The Pilgrims: Laying America’s Foundations, Part 1

The early 1600s in England was a time of spiritual bankruptcy.  In the book, One Small Candle, the author Thomas J. Fleming describes the state of English morals and society in 1620.  His description begins with King James I and those in the highest level of society:  “James I had done little since 1603 but drain the treasury with his extravagance, shock the nation with his morals, and embitter those who yearned for religious liberty. The manners and morals of the court were appalling. Banquets frequently turned into riots.  A Venetian diplomat described one repast at St. James Palace with its usual shoving, brawling crowd. ‘At the first assault, they upset the table and the crash of glass platters reminded me precisely of a severe hailstorm at midsummer smashing the window glass.’ When the lord mayor of London gave a dinner for the new Knights of Bath, the so-called gentlemen behaved outrageously with the citizens’ wives.  The sheriff finally broke open a door and found Sir Edward Sackville in such a scandalous position that the entire banquet was forthwith abandoned.”[1]

Landing_of_the_Pilgrims_fThere were other serious problems going on in England. “Men and women were regularly hanged for stealing as little as a loaf of bread.  No one seemed to think twice about it.”[2]  There was a lack of compassion for people.

Thomas Fleming also mentioned the kind of things Pilgrim supporter Robert Cushman would encounter as he walked the streets of London.  “All around him swirled the cruel vitality of the great city, the gallants with their ‘bombasted’ or ‘beer barrel’ breeches and gorgeous ruffs, the great ladies in their chaises with braces of footmen dashing before them to clear a path through the rabble.”  Notice here, the desire to wear clothing which impressed others and the accouterments of status such as chaises and footmen clearing a path through the rabble.

But that wasn’t all Cushman could see.  Sadly, there was more, much more. “There went a swirl of roaring young apprentices, fresh from the tavern, on the way to Paris Gardens across the Thames, where they would watch a Russian bear fight for his life against a swarm of mastiffs, or howl as an ape was dismembered by another pack of maddened dogs.  Men and women staggered past, so drunk they could hardly see, bellowing bawdy verses. Drunkenness was so common in 1620 London that it was almost respectable. Ladies of the evening, wearing gowns cut low enough to make imaginations superfluous, called invitingly from convenient doorways.”[3]  Clearly, many of the people of England had become so corrupt and immoral at that time, that it could be said, “England had become a nation without a soul.”[4]

Because England had become a nation without a soul, the Church of England had also become corrupted. According to William Bradford, one of the historians of the Pilgrims, this corruption began in the time of Queen Mary, who died in 1587, thirty-three years before the Pilgrims set sail for New England in 1620.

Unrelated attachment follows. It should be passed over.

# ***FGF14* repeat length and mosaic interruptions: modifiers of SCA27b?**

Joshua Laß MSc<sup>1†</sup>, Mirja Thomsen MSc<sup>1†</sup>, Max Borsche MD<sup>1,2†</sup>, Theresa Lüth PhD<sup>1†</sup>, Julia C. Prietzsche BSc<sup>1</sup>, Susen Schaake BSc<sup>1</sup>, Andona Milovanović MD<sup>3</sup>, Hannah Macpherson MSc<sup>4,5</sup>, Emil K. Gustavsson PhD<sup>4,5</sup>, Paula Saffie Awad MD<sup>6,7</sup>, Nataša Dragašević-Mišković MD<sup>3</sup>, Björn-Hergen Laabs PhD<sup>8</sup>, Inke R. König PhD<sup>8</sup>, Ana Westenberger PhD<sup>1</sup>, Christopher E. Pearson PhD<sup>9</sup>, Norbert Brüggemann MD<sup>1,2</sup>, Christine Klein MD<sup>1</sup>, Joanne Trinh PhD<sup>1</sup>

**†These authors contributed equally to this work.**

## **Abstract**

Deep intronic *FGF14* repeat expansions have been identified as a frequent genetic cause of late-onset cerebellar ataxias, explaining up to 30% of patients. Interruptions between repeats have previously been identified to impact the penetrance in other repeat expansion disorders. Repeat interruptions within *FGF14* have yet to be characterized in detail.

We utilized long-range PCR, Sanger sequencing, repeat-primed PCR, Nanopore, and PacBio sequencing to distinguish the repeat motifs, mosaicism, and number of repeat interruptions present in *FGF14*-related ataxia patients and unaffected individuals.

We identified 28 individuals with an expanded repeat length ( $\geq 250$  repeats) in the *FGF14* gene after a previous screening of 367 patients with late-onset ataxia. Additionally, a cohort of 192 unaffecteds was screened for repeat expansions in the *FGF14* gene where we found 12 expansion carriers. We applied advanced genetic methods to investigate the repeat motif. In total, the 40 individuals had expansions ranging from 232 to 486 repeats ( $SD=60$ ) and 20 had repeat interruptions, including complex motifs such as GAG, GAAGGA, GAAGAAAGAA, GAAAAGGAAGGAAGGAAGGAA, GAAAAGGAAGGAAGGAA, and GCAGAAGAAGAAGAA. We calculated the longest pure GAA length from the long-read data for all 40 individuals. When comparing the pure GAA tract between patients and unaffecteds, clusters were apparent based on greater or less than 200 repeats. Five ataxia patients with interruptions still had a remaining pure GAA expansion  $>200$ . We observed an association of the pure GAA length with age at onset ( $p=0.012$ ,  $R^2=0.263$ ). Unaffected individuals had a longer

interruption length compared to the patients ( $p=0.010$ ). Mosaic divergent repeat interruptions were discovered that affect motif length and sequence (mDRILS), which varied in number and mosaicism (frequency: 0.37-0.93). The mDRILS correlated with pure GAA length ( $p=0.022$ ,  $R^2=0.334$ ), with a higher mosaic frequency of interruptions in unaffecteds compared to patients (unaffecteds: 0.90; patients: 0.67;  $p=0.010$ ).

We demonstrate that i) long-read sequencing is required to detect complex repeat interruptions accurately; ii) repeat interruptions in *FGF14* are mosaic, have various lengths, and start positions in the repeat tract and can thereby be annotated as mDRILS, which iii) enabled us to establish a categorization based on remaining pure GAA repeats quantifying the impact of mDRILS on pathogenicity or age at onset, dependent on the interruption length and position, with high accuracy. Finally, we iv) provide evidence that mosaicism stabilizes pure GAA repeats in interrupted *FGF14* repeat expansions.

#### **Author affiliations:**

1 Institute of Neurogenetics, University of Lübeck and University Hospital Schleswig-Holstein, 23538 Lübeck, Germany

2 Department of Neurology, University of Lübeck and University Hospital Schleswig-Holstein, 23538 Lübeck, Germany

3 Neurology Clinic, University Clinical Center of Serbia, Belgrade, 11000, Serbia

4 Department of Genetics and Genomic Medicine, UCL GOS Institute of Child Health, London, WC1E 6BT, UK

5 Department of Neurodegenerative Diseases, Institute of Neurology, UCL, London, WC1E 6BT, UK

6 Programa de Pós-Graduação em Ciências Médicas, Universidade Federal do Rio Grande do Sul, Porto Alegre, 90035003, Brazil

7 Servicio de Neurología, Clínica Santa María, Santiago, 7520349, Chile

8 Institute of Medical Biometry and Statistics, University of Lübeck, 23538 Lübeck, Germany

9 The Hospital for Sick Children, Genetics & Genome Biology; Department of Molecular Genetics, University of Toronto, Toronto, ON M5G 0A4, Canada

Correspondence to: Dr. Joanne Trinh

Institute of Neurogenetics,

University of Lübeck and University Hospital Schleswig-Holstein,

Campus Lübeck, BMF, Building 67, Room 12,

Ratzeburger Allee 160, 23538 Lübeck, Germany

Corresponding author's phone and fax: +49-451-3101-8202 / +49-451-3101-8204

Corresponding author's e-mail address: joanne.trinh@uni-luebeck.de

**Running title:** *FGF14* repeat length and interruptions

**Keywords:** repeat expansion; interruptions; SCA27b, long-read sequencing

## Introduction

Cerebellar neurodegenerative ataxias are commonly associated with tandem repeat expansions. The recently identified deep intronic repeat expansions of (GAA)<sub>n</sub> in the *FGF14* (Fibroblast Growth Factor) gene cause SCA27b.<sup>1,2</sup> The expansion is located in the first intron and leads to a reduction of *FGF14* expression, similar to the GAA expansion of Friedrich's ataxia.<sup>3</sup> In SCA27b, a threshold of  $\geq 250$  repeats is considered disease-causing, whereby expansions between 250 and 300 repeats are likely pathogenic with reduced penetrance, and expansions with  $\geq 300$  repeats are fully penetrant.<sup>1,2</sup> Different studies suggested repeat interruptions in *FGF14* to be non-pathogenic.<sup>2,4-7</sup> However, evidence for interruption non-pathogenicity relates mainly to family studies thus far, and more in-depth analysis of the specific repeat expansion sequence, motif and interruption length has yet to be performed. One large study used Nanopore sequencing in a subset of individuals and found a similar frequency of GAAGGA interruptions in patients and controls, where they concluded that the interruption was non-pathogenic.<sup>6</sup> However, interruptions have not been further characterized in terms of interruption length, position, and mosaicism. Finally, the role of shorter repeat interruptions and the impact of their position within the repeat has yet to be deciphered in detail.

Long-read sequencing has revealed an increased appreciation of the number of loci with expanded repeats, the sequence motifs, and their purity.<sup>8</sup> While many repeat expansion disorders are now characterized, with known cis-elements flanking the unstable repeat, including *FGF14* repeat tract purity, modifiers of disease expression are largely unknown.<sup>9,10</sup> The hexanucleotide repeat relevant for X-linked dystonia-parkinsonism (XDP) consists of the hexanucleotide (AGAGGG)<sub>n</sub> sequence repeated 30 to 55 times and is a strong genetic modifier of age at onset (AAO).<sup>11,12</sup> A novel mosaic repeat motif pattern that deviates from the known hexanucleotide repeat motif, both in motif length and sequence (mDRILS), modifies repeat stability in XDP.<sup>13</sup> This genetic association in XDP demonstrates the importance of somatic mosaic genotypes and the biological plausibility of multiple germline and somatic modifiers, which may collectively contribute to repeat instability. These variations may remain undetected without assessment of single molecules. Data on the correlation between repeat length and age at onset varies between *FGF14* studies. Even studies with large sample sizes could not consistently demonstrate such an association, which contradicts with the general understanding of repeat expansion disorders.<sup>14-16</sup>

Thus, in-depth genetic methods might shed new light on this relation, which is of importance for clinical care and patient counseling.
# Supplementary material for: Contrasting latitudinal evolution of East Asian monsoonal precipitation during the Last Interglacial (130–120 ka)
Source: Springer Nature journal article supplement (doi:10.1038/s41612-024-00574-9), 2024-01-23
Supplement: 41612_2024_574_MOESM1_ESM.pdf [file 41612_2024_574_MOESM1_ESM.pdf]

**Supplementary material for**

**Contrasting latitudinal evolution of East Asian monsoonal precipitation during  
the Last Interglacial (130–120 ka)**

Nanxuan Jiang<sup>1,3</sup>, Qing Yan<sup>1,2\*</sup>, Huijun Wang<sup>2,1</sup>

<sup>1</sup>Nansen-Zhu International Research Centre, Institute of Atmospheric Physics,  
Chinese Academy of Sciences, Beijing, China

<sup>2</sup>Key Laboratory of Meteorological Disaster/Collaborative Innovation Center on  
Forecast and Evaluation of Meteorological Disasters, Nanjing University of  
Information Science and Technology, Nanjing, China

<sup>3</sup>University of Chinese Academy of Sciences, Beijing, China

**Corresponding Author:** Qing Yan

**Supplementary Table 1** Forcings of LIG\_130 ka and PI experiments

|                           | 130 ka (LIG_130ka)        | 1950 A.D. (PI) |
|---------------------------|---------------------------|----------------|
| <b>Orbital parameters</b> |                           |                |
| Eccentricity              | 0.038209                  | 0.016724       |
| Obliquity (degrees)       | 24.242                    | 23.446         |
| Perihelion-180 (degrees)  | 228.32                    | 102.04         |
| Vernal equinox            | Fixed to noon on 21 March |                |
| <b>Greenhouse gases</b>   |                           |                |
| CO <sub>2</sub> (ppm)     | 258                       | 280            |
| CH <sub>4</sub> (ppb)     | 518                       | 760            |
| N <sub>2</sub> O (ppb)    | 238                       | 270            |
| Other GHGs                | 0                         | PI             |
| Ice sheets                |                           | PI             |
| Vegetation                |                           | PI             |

In his book, Of Plymouth Plantation, in explaining how it began, Bradford starts by telling the reader about two parties which existed in the Church of England in the time of Queen Mary. “The one party of reformers endeavored to establish the right worship of God and the discipline of Christ in the church according to the simplicity of the gospel and without the mixture of men’s inventions, and to be ruled by laws of God’s word dispensed by such officers as Pastors, Teachers, Elders, etc. according to the Scriptures.”

Woodrow Wilcox


Now, keep in mind, Queen Mary was a Catholic who, most likely, was not happy with the Church of England to begin with. Therefore, no doubt, she wasn’t interested in those who thought the Church of England had become too much like the Catholic Church, and needed to be reformed. Hence, she supported the other party.  Bradford describes the other party as follows: “The other party, the episcopal, under many pretenses, endeavored to maintain the episcopal dignity after the popish manner, with all its courts, canons, and ceremonies;…and other means of upholding their anti-Christian greatness, and of enabling them with their lordly and tyrannous  power to persecute the poor servants of God.” [5]

William Bradford then says, “And this contention did not die with Queen Mary (who was  replaced by Elizabeth, a Protestant).


“And  why did the contention not die with Queen Mary?  Because Mary’s death did not favor the reformers.  For Bradford says: At her death the episcopal party of the Protestants returned to England under gracious Queen Elizabeth, many of them being preferred to bishoprics and other promotions.”[6]

The episcopal party members under Queen Mary were simply replaced by episcopal Protestants who returned to England under Elizabeth and were given control of the church.  And these episcopal Protestants did not have any love for the reformers either. The result was “their inveterate hatred towards the holy discipline of Christ in his church, represented by the dissenting part, (the reformers) has continued to this day.[7] (which would bring it up to the time of King James who reigned from 1603 to 1625 and to the time of the Pilgrims).